Marco Canora’s Brodo, Opening Monday, Wants to Make Broth the New Juice

From left: Gingered grass-fed-beef broth, organic-chicken broth, and Hearth broth, made from two turkeys, 40 pounds of beef shin, and 15 stewing fowl. Photo: Bobby Doherty/New York Magazine

When most fine-dining chefs set out to choose the type of fast-casual spinoff which they’re required by law to open at a certain point in their careers, they usually gravitate to burgers, or meatballs, or doughnuts. Hearth’s Marco Canora has opted instead for bone broth—that clear, ascetic liquid normally prescribed to convalescents. But with the rise of the paleo diet, plus the publication of animal-fat advocate Sally Fallon’s Nourishing Broth, the nutritious elixir is actually having a moment. And Canora, who underwent a dietary conversion culminating in his next cookbook, A Good Food Day, is an unabashed fan.

“My God!” he says. “Twenty years of eating bread, drinking booze, smoking cigarettes, and working in kitchens really fucked me up in a big way.” Until quite recently, you see, Canora was not the epitome of good health. He’d been diagnosed as pre-diabetic, he was suffering from gout, his cholesterol was through the roof, and he was thirty pounds overweight. Now, at 45, having made some major changes in his diet, he says he’s in the best shape of his life. And he attributes not a small part of this reversal of fortune to daily doses of the broth he’s always made as a base for Hearth’s soups and stocks.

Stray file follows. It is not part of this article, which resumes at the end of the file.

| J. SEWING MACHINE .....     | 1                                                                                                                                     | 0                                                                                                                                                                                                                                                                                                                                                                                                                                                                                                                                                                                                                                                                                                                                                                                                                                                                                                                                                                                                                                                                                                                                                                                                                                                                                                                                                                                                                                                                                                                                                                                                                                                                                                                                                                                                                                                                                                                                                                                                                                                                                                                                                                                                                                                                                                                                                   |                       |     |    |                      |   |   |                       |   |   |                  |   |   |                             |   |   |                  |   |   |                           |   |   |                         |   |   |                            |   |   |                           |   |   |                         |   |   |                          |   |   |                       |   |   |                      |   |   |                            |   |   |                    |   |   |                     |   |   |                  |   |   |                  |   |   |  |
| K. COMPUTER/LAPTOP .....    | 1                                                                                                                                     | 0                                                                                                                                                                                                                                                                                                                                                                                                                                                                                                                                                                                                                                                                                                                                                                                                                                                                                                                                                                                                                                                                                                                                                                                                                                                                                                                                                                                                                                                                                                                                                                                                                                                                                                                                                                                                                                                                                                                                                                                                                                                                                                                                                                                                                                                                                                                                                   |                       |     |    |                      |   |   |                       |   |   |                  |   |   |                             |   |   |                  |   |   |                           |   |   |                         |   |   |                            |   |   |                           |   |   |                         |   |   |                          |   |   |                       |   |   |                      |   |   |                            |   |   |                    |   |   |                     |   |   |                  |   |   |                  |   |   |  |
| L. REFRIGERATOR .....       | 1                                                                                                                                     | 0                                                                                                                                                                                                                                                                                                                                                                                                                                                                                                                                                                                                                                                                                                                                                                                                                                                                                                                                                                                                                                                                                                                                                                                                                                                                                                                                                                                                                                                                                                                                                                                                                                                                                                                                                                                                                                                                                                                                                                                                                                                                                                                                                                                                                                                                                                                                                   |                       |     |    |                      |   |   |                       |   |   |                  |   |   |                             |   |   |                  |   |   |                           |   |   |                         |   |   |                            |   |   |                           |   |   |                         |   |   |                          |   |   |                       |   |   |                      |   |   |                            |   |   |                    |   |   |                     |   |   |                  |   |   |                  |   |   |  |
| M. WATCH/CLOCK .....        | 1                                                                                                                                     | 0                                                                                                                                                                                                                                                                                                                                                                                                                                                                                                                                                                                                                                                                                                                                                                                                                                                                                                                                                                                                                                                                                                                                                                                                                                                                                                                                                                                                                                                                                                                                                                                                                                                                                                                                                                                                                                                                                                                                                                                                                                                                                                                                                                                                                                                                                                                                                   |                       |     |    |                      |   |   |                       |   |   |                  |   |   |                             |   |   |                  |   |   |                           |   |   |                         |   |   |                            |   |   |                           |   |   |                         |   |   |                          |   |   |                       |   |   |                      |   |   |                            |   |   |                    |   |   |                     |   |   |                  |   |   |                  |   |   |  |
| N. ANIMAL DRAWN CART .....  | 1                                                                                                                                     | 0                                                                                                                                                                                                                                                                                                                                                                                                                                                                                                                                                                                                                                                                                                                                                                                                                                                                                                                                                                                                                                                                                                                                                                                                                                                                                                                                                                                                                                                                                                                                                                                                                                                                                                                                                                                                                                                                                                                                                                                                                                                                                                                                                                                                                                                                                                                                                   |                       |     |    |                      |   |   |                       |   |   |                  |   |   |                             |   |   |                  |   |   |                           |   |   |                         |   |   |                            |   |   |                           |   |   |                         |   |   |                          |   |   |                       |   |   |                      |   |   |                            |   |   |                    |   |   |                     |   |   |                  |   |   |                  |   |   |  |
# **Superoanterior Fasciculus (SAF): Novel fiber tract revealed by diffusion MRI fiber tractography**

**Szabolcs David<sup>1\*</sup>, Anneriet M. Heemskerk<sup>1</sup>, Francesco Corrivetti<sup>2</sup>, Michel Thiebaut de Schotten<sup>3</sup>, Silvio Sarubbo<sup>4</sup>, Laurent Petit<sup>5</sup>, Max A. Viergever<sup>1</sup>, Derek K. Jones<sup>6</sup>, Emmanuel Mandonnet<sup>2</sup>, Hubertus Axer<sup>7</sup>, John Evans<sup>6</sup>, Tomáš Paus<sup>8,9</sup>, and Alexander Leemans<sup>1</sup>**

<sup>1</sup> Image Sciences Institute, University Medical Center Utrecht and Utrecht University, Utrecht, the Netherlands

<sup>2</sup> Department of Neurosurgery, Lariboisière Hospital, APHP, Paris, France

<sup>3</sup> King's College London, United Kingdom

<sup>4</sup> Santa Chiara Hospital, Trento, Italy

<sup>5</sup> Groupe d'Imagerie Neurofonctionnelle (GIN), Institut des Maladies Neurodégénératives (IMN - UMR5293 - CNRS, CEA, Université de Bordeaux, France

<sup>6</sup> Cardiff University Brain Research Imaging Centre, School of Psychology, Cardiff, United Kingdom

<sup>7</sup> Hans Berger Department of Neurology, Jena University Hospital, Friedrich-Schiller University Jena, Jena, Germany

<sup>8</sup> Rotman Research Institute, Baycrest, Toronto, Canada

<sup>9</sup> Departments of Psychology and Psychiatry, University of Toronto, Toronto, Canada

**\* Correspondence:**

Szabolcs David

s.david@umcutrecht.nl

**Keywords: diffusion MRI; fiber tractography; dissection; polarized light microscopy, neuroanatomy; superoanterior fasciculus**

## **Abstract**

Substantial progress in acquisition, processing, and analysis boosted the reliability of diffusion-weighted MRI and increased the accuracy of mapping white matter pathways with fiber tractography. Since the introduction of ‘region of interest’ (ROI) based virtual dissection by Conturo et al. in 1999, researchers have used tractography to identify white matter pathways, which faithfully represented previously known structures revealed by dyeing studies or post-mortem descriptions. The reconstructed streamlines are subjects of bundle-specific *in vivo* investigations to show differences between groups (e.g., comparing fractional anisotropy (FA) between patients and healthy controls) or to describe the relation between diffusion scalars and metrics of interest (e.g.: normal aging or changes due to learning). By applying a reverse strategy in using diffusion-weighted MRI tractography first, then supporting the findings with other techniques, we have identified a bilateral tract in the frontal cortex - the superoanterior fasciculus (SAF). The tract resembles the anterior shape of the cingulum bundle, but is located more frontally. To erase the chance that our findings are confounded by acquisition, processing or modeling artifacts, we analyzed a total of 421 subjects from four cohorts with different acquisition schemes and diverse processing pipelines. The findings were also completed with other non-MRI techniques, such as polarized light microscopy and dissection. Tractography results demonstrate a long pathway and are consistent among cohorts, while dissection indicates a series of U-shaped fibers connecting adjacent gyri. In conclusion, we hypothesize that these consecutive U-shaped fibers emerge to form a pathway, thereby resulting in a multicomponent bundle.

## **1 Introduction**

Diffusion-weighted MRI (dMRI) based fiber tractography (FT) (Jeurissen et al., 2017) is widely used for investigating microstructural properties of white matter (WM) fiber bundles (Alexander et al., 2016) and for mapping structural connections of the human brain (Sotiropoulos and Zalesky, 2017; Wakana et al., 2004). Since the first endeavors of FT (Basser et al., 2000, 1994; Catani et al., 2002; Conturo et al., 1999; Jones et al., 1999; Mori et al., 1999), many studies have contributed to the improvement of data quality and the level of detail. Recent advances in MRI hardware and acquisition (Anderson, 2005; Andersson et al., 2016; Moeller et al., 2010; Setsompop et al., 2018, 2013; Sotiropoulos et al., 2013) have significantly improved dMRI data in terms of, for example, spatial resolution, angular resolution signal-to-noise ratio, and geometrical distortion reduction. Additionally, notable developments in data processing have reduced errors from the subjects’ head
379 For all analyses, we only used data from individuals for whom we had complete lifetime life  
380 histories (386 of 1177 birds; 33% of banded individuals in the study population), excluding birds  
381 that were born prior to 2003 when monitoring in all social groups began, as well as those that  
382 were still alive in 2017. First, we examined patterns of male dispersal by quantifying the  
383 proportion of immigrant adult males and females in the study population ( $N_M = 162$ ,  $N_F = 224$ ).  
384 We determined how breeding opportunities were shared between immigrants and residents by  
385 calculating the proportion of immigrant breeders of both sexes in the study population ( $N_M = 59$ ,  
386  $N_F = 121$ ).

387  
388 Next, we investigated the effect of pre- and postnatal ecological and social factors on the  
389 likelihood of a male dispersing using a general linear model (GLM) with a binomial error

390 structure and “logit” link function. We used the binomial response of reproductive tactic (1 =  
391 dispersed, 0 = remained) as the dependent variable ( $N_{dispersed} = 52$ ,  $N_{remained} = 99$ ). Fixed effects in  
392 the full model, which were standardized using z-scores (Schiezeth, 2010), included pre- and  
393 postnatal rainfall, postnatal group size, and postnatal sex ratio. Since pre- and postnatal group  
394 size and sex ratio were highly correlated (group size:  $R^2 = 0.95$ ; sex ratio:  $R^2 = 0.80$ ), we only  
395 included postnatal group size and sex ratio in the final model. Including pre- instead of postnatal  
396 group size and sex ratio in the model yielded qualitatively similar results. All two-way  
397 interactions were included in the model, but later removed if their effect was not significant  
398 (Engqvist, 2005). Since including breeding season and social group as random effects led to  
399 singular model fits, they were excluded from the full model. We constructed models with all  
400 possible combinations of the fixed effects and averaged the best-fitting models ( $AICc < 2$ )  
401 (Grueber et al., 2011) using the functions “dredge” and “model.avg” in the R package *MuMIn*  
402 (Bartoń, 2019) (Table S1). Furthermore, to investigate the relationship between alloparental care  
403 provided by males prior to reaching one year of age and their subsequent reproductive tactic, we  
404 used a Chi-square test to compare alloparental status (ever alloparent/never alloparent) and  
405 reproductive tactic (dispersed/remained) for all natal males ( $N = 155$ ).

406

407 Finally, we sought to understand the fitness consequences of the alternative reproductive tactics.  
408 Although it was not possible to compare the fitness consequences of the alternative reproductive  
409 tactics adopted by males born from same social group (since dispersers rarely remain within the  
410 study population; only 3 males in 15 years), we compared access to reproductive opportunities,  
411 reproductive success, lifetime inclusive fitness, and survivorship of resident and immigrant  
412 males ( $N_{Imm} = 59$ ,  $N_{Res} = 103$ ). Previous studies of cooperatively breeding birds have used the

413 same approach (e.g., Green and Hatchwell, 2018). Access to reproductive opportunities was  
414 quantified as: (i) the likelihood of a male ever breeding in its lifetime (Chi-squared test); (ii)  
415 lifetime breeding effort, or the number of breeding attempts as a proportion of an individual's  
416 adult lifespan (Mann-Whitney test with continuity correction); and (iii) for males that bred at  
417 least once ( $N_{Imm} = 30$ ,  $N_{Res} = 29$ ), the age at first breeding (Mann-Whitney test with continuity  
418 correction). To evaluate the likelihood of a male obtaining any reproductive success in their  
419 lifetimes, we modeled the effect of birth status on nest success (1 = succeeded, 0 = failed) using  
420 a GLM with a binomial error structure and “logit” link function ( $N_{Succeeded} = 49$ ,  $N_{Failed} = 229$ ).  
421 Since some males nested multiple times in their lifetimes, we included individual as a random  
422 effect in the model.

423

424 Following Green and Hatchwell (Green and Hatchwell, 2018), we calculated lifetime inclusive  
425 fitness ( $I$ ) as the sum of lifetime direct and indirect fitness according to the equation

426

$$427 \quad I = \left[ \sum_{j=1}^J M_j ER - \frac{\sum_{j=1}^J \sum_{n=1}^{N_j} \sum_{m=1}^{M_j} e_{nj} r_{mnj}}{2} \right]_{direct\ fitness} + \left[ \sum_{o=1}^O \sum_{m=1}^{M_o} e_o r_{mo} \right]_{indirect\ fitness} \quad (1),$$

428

That’s why on Monday he’ll open what was formerly an unused entrance at Hearth as a takeout window called Brodo, Italian for "broth," where he will try to inculcate frazzled, undernourished New Yorkers into the pick-me-up’s quiet pleasures and curative powers. Canora’s version isn’t soup (which he’ll also offer, by the way), but a hot sipping liquid served in paper coffee cups with “sip-thru” lids, as if you had just rolled up to the Mudtruck for a caffeine fix. Although the unalloyed flavor of these seasoned broths—made, it should be said, from organic-chicken and local-grass-fed-beef bones—is deeply delicious on its own, the chef is offering optional infusions, like beet kvass and Calabrian-chile oil. (He’ll also sell unseasoned brodo in quart mason jars for home sipping and cooking, not to mention a Sicilian hot chocolate.) He sees vast potential at the bottom of his 120-quart stockpot, both for the city’s collective well-being and the local fast-foodscape itself. Shake Shack: Consider yourself warned.

Brodo, 403 E. 12th St.; window on First Ave.; no phone.

*This is an extended version of an article that appears in the November 3, 2014 issue of New York Magazine.